Bono Gives The Edge To 322 Vine…Will Hock Get The Boot?


The political “thermometer” at City Hall during Monday night’s special Council meeting indicated that the temperature was just about right for firing City Mgr. Jim Hock.

With five aldermen (Sweeney, Smith, Raspanti, Knight and Maloney) expressing significant dissatisfaction with Hock’s performance, only a procedural technicality – the posted meeting agenda described a discussion of Hock’s performance but no vote – appears to have kept Hock on the job for another few days, presumably until tomorrow night (7:00 p.m.) when the Council is supposed to reconvene with a properly descriptive agenda item.

Two members of the public in attendance addressed the Council in connection with Hock’s job performance.  One, a member of the City’s Zoning Board of Appeals, gave a scathing indictment of City’s staff’s performance (implicitly under Hock’s non-leadership) in connection with ZBA matters.  She branded certain staff work product as “trash” that reflected poorly on Hock.

But in our book the more damning indictment came from Cliff Kowalski, who lives next door to the mini-mansion at 322 Vine which has been the subject of an ongoing City regulatory process for the past few years that would give a Kafka novel a run for its money.

Kowalski could have criticized Hock and staff for being indecisive and ineffective in dealing with the building code violations and the resulting flooding attributed to that 322 Vine property.  But, instead, the heart of his complaint was that Hock and staff actively misled him and other affected neighbors into believing the City was actually going to take some action to remedy the problems with 322 Vine when it subsequently became clear they never had any intention of doing so.

Which points out a big problem with City government: getting a straight answer out of City Hall with Hock at the helm.

Just trying to get an accurate and complete understanding of this continuing 322 Vine saga is almost impossible because of the conflicting accounts of it – at least two or three of which seem to be coming from City Hall.  And almost all of this has gone on behind the scenes because Hock, like so many bureaucrats, acts like nothing good can come from telling the truth, the whole truth, and nothing but the truth to the ordinary citizens – even about something as straightforward as the building code.

Nevetheless, there seems to be a consensus that the grade of the 322 Vine property was raised more than a foot above its neighboring properties during the construction of the mini-mansion.  Not only was that heightened elevation contrary to the plans for the construction approved by the City when it issued the building permit but, standing alone, it likely was a building code violation that could have earned the property owner a fine of between $50 and $2,500.  Per day.

When construction was substantially complete and the owner sought a Certificate of Occupancy (“CO”), we understand it was determined that the property’s drainage system built to accommodate the water that would be running of the substantial structure and its extensive paved areas did not conform to the engineering plans on for which the City issued the building permit.  At that time, however, a regulation on the books let the City accept an engineer’s opinion that the drainage system actually constructed was the effective equivalent of what had been approved on the plans that received the permit.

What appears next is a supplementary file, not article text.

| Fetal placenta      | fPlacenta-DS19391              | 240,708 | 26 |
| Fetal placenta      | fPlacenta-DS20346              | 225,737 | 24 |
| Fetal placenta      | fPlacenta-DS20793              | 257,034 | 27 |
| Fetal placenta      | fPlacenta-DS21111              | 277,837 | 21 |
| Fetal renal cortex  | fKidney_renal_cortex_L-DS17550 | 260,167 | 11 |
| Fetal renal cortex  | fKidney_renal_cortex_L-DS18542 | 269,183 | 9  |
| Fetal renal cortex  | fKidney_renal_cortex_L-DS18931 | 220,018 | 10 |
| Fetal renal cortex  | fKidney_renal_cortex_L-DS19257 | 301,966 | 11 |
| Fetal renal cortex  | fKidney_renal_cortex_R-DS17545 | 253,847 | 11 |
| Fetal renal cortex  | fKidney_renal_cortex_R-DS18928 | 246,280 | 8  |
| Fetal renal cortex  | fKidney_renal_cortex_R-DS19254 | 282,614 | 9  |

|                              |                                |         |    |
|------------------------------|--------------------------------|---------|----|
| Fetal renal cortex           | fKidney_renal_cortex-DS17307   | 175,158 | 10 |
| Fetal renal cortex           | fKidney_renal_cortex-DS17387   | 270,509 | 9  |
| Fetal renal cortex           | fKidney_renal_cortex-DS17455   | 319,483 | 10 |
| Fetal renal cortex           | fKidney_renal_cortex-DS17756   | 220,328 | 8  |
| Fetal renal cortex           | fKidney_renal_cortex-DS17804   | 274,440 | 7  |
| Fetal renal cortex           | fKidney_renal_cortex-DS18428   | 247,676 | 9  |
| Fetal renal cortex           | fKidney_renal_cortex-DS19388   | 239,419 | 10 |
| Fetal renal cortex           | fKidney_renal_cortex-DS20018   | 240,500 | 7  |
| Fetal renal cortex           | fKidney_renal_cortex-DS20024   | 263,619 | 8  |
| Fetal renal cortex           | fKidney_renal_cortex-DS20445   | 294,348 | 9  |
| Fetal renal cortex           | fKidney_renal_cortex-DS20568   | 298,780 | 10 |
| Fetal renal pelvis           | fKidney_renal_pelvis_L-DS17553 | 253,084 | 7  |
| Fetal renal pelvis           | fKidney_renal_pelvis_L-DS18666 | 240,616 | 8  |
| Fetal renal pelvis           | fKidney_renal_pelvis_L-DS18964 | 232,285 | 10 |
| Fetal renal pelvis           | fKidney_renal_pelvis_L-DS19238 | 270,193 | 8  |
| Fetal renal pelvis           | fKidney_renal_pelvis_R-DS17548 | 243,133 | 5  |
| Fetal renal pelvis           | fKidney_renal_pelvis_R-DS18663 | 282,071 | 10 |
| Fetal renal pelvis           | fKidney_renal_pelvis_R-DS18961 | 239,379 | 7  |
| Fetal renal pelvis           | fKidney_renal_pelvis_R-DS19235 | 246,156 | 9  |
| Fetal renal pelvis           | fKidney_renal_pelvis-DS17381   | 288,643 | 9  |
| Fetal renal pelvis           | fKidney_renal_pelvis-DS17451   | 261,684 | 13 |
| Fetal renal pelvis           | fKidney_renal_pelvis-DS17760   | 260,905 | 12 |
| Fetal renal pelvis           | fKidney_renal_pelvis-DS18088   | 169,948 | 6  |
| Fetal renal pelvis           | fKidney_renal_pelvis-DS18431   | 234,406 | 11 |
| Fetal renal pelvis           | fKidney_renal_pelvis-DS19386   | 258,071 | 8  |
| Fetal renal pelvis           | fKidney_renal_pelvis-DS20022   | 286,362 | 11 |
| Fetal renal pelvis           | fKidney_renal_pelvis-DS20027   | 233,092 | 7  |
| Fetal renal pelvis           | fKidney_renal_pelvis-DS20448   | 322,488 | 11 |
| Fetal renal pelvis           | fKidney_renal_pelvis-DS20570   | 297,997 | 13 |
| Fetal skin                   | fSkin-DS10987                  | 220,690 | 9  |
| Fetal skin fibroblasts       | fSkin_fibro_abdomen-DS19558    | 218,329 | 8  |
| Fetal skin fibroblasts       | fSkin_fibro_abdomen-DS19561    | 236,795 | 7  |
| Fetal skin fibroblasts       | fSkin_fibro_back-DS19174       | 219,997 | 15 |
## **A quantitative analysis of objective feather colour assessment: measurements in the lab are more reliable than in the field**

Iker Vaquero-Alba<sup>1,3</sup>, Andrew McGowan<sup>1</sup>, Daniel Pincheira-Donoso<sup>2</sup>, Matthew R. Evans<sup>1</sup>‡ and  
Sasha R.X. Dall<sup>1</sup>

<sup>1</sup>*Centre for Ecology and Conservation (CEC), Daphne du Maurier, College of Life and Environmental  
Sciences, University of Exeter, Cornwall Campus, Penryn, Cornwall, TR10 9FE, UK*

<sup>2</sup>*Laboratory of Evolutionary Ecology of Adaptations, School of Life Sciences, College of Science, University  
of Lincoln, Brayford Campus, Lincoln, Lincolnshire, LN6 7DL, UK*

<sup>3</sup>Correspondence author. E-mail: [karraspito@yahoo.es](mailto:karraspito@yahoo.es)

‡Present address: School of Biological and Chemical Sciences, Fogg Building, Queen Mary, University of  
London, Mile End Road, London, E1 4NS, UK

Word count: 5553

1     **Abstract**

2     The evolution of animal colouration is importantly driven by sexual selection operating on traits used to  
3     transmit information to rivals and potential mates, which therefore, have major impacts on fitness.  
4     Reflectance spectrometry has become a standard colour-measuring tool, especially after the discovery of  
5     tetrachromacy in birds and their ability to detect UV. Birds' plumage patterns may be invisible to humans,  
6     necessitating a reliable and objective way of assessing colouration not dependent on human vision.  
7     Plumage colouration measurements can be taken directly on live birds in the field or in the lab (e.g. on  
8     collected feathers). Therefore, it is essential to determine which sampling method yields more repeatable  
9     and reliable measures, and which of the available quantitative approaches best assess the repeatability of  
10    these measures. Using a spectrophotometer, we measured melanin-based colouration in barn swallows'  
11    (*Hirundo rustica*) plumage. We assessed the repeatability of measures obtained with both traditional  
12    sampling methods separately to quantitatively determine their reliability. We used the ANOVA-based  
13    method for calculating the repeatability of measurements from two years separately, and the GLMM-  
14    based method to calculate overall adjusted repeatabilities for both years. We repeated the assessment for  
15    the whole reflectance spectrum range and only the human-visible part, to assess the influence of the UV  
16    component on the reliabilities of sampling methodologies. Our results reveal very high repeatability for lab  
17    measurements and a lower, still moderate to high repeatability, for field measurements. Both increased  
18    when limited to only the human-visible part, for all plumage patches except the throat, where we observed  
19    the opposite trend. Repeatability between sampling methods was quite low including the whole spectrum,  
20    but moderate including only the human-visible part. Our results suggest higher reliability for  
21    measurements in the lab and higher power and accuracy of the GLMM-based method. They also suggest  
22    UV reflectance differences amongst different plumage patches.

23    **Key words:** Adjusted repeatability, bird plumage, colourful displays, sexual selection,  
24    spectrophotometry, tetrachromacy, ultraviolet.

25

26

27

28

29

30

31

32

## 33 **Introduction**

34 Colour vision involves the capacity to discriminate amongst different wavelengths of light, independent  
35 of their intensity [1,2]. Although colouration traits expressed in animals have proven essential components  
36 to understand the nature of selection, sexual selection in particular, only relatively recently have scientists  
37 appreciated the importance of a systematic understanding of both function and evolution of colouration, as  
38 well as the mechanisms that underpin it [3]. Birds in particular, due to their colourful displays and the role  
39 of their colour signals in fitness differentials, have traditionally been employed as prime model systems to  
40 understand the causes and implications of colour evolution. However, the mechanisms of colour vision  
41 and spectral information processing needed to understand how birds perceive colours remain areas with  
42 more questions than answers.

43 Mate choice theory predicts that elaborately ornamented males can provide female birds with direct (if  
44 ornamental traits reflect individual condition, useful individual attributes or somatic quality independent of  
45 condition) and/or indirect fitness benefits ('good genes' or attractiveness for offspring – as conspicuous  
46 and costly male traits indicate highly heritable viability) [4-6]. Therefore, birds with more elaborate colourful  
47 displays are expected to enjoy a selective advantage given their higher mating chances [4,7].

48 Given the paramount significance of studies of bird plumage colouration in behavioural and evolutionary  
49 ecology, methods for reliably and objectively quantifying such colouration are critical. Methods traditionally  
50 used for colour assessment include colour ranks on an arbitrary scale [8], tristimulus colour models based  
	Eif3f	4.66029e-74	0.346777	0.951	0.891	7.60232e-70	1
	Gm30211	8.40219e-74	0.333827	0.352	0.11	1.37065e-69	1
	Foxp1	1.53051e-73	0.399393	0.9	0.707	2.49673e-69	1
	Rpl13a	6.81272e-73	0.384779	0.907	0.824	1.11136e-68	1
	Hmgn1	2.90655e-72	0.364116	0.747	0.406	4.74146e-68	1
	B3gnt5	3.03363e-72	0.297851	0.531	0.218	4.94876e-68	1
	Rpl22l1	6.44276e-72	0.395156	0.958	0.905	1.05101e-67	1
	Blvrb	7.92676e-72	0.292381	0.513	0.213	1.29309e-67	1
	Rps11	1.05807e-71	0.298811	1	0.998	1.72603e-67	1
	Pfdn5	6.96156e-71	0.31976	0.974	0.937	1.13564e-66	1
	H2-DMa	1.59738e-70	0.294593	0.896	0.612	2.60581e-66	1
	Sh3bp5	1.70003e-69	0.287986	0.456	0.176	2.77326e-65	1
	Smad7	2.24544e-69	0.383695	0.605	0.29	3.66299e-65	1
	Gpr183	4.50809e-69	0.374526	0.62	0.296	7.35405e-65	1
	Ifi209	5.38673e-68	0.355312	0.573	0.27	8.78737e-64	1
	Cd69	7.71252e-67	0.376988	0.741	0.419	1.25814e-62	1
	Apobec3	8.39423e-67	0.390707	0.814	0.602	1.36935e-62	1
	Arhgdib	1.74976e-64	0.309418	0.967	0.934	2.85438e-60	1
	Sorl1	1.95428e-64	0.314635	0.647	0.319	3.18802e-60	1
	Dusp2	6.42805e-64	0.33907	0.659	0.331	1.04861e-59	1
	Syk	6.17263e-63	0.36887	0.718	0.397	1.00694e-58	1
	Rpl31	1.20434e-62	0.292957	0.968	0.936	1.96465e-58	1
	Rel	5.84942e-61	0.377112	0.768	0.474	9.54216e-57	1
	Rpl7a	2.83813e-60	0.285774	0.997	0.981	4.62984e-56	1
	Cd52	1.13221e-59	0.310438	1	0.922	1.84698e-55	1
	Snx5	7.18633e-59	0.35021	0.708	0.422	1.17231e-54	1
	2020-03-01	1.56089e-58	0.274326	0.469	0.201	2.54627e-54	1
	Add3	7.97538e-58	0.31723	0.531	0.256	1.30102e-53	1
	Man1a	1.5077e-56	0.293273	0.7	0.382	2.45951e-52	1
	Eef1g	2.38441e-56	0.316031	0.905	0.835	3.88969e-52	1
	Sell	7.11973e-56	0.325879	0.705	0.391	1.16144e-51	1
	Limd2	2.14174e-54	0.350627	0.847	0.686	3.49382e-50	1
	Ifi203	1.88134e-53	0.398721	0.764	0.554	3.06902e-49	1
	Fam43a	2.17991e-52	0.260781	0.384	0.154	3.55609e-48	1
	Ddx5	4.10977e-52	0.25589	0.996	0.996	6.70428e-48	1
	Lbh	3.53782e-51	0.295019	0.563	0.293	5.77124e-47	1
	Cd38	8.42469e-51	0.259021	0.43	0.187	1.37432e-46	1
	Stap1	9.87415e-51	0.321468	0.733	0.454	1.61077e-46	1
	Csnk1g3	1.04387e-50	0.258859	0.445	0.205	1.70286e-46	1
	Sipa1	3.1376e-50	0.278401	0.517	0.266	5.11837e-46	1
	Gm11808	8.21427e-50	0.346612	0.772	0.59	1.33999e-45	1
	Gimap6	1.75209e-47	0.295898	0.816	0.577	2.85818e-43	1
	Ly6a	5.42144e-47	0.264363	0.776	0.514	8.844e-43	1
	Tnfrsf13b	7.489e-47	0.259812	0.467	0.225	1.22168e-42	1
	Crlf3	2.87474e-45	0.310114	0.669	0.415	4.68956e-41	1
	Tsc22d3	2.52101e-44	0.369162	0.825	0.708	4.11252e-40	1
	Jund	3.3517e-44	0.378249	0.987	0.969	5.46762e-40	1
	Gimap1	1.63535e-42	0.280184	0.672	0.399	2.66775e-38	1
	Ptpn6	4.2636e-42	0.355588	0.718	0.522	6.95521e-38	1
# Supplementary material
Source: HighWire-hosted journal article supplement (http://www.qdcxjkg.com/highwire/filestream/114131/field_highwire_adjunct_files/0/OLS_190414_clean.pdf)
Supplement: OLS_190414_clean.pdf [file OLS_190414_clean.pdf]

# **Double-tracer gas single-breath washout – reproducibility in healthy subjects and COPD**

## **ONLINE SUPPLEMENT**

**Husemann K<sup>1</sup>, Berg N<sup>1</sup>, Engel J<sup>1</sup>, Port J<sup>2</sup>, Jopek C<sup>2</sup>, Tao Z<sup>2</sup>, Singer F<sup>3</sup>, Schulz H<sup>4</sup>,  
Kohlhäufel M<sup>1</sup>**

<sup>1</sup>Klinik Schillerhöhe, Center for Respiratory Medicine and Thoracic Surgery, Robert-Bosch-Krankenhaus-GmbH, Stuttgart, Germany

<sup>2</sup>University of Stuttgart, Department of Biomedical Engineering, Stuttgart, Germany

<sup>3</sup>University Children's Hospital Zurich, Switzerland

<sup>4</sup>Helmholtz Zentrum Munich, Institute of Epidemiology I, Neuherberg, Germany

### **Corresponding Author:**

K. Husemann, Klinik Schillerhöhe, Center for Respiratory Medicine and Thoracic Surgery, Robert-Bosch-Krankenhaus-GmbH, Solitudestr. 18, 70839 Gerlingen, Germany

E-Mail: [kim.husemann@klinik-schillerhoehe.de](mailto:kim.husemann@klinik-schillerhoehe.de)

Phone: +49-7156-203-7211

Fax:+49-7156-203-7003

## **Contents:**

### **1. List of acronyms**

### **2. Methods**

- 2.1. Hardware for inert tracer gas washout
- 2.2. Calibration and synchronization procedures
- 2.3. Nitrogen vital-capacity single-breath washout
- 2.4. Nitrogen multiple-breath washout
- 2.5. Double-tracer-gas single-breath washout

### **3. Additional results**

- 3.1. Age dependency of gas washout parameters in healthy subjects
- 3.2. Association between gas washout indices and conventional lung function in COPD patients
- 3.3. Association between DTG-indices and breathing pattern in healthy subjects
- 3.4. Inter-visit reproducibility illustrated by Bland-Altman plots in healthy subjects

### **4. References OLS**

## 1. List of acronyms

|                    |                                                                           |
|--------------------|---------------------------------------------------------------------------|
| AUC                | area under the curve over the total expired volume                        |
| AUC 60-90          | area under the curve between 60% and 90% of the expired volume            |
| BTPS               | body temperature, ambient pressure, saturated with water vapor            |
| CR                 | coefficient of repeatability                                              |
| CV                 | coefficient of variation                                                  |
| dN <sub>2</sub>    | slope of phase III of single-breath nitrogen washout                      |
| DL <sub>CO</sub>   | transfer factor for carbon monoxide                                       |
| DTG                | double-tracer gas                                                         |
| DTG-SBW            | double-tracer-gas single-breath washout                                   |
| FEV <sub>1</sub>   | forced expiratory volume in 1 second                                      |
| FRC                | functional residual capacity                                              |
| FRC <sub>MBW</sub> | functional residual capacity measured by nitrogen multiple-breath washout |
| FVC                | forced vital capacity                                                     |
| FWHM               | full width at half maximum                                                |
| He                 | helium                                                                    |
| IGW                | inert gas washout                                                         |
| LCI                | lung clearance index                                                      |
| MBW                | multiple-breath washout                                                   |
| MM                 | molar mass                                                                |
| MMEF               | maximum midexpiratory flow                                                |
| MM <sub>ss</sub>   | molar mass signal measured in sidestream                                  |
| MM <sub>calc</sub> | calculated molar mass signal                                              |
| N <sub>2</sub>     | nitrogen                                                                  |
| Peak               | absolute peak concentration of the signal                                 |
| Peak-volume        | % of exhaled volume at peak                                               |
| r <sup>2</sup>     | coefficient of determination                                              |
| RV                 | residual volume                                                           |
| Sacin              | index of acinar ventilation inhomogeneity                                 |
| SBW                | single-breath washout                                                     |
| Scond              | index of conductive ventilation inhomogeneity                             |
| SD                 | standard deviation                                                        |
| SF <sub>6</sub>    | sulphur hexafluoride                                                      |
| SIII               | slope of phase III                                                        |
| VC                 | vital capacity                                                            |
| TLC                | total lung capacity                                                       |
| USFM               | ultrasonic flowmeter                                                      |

And here’s where the real intrigue begins and things start to get funky, if not a little kinky.   

If we understand it correctly, the City hired private engineer Bernie Bono, who opined that 322 Vine’s drainage system, as built, was the effective equivalent of the system provided for in the permitted plans.  On the basis of Bono’s certification, the City issued the CO and the owners moved in.  A question, however, has been raised about whether Bono may have had a conflict of interest because of services he allegedly performed for the property owner before undertaking his review of the situation for the City.

Frankly, we don’t have the space or the inclination to go into all the remaining details of what has happened since then, except to say that there are a lot of them and they involve an alternative drainage plan requiring swales whose locations and depths were both un-mapped and un-measured.  They also prominently feature Bono, Steve Cutaia (the City’s Building Administrator), Hock, and even the City Attorney – who is stuck trying to sort through the mess these others have made and then advise the City on whether, how, and at what cost the City might try to enforce its building code requirements against 322 Vine four years after the fact.

But the bottom line is that four years have gone by and Kowalski and the 322 Vine neighbors still don’t have a definitive answer from the City on what, if anything, can or will be done about this situation.

But it might not be Hock’s problem much longer.

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